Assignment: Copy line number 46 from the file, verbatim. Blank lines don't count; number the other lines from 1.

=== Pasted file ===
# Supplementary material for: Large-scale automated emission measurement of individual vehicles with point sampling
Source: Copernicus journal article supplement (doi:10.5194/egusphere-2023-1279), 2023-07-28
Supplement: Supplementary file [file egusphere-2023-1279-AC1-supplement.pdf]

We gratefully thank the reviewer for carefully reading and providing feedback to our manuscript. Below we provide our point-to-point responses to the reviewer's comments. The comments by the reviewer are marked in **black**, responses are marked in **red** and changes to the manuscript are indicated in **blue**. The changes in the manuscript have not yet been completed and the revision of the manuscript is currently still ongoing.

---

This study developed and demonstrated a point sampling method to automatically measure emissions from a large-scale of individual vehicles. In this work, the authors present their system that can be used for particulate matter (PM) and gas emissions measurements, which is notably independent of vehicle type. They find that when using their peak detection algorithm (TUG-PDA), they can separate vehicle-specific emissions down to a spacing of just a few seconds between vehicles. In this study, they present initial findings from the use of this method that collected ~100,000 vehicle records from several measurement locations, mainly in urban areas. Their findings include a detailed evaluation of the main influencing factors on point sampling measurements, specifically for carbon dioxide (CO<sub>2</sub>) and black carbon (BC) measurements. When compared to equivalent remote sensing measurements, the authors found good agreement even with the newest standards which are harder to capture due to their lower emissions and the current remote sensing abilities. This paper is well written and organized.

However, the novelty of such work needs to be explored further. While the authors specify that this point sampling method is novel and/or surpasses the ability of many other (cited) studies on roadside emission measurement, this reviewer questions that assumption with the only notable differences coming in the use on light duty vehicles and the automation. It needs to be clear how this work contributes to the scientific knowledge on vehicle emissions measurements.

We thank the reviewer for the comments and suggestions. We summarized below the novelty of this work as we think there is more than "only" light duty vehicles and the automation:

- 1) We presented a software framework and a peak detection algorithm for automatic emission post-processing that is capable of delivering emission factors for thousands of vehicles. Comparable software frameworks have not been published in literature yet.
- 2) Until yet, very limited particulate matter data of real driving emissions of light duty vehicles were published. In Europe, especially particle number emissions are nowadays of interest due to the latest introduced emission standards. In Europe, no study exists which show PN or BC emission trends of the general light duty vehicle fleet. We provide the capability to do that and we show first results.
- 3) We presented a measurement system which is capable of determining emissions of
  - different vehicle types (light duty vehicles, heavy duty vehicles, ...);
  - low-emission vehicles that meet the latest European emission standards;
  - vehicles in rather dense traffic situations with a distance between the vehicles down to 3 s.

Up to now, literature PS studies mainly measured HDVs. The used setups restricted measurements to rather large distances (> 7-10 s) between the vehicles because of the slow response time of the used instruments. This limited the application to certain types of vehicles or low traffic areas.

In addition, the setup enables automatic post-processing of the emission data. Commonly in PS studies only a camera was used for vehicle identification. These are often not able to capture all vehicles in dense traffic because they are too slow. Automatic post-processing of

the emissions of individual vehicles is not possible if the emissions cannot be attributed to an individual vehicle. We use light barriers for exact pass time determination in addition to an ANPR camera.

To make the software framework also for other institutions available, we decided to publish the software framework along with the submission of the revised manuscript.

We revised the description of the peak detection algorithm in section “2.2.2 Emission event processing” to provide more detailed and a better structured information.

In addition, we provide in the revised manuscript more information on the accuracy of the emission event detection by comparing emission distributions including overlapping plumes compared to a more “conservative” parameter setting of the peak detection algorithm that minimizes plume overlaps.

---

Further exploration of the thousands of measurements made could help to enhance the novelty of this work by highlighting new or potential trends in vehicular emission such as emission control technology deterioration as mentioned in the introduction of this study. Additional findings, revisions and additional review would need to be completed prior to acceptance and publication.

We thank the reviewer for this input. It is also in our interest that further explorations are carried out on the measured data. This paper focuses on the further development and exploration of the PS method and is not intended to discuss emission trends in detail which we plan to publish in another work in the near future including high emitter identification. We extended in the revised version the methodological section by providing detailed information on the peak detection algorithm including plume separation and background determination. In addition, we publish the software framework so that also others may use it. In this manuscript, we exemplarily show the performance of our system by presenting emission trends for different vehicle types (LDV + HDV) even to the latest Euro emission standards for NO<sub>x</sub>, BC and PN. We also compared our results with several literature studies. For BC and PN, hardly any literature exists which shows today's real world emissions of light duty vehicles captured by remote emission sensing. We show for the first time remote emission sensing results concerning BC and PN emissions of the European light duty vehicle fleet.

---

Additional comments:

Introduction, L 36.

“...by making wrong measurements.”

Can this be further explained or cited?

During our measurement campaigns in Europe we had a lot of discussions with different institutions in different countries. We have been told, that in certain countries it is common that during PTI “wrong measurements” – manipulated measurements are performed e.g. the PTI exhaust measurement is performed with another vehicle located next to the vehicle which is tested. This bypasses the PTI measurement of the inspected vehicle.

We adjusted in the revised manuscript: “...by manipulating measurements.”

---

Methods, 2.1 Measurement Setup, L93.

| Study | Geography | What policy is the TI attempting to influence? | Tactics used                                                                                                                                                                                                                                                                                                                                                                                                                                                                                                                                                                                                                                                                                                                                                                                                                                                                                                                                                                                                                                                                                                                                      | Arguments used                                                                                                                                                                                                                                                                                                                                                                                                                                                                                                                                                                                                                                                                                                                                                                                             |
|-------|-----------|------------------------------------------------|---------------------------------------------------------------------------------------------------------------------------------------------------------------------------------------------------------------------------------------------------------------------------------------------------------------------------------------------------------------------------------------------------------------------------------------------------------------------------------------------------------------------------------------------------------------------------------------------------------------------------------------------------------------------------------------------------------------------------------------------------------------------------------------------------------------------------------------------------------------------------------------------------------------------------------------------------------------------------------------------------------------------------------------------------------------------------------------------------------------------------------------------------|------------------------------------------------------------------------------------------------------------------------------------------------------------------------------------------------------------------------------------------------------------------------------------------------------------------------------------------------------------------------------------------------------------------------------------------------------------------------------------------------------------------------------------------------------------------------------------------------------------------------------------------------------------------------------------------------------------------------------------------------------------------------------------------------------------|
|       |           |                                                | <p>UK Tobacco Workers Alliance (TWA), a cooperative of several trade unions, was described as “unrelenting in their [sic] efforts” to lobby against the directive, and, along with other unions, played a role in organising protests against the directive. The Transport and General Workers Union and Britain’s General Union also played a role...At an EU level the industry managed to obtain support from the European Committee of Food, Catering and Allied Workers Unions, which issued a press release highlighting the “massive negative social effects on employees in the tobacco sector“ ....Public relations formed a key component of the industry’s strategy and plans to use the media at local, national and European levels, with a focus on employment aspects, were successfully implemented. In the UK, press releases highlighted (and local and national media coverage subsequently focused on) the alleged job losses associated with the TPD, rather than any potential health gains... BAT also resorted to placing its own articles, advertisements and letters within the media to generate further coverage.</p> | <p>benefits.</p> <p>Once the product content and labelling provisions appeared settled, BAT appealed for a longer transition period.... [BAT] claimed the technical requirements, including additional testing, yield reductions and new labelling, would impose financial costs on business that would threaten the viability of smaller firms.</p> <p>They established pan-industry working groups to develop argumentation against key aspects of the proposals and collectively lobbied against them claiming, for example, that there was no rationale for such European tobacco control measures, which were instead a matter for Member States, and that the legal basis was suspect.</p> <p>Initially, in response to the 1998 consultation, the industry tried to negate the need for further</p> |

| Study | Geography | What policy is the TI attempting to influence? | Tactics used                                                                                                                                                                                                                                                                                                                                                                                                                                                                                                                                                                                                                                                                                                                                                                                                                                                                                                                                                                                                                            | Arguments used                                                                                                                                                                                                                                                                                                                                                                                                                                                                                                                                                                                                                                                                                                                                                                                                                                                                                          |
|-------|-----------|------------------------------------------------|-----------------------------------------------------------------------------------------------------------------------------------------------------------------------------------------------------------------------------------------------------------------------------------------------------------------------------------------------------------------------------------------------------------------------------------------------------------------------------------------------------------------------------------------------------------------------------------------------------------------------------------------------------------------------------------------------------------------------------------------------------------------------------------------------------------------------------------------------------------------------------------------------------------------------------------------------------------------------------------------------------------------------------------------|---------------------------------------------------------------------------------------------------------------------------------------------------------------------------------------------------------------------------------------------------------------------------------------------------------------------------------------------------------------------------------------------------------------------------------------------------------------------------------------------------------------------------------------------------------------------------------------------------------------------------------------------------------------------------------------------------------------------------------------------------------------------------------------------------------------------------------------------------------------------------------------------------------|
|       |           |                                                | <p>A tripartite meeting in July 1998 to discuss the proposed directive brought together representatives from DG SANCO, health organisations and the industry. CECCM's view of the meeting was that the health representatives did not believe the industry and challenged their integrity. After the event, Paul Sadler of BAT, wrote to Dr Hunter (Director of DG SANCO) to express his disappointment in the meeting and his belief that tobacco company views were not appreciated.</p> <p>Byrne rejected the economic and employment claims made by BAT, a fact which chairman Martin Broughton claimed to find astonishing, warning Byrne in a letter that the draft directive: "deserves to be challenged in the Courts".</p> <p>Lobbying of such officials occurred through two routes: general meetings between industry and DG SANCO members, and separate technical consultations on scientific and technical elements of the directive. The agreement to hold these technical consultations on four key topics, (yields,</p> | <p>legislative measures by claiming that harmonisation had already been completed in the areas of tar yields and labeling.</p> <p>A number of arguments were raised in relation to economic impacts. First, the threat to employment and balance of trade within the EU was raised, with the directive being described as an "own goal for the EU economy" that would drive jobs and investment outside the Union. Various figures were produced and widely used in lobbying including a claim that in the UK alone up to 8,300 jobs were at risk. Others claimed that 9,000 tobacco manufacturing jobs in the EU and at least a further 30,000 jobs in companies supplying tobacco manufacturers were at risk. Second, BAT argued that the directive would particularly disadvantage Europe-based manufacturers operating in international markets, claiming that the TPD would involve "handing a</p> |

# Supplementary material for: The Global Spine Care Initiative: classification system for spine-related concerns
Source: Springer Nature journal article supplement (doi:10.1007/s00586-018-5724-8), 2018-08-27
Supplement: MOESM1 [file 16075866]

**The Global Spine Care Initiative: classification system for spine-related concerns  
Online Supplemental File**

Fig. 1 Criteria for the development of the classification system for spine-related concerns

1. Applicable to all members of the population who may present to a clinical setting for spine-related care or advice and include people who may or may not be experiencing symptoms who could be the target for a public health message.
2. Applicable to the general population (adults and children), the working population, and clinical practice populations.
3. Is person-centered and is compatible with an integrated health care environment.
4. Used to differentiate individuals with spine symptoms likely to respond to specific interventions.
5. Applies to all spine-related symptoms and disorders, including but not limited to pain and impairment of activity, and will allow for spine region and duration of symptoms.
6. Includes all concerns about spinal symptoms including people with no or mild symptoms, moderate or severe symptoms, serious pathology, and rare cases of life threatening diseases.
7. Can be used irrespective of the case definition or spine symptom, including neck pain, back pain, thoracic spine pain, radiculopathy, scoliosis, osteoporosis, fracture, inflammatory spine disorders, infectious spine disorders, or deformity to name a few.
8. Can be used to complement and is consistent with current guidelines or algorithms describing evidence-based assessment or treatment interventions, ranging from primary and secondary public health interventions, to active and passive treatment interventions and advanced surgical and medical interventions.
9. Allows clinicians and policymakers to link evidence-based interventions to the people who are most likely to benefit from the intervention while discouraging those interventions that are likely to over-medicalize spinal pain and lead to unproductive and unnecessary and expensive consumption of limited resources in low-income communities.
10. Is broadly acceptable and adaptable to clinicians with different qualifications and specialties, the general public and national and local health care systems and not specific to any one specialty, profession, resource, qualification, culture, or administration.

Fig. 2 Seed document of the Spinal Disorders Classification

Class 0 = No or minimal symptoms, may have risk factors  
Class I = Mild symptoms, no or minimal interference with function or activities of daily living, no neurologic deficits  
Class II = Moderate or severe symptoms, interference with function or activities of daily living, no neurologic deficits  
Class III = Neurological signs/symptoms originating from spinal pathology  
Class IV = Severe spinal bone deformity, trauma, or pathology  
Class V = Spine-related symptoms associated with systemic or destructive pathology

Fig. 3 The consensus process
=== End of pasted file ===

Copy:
2. Applicable to the general population (adults and children), the working population, and clinical practice populations.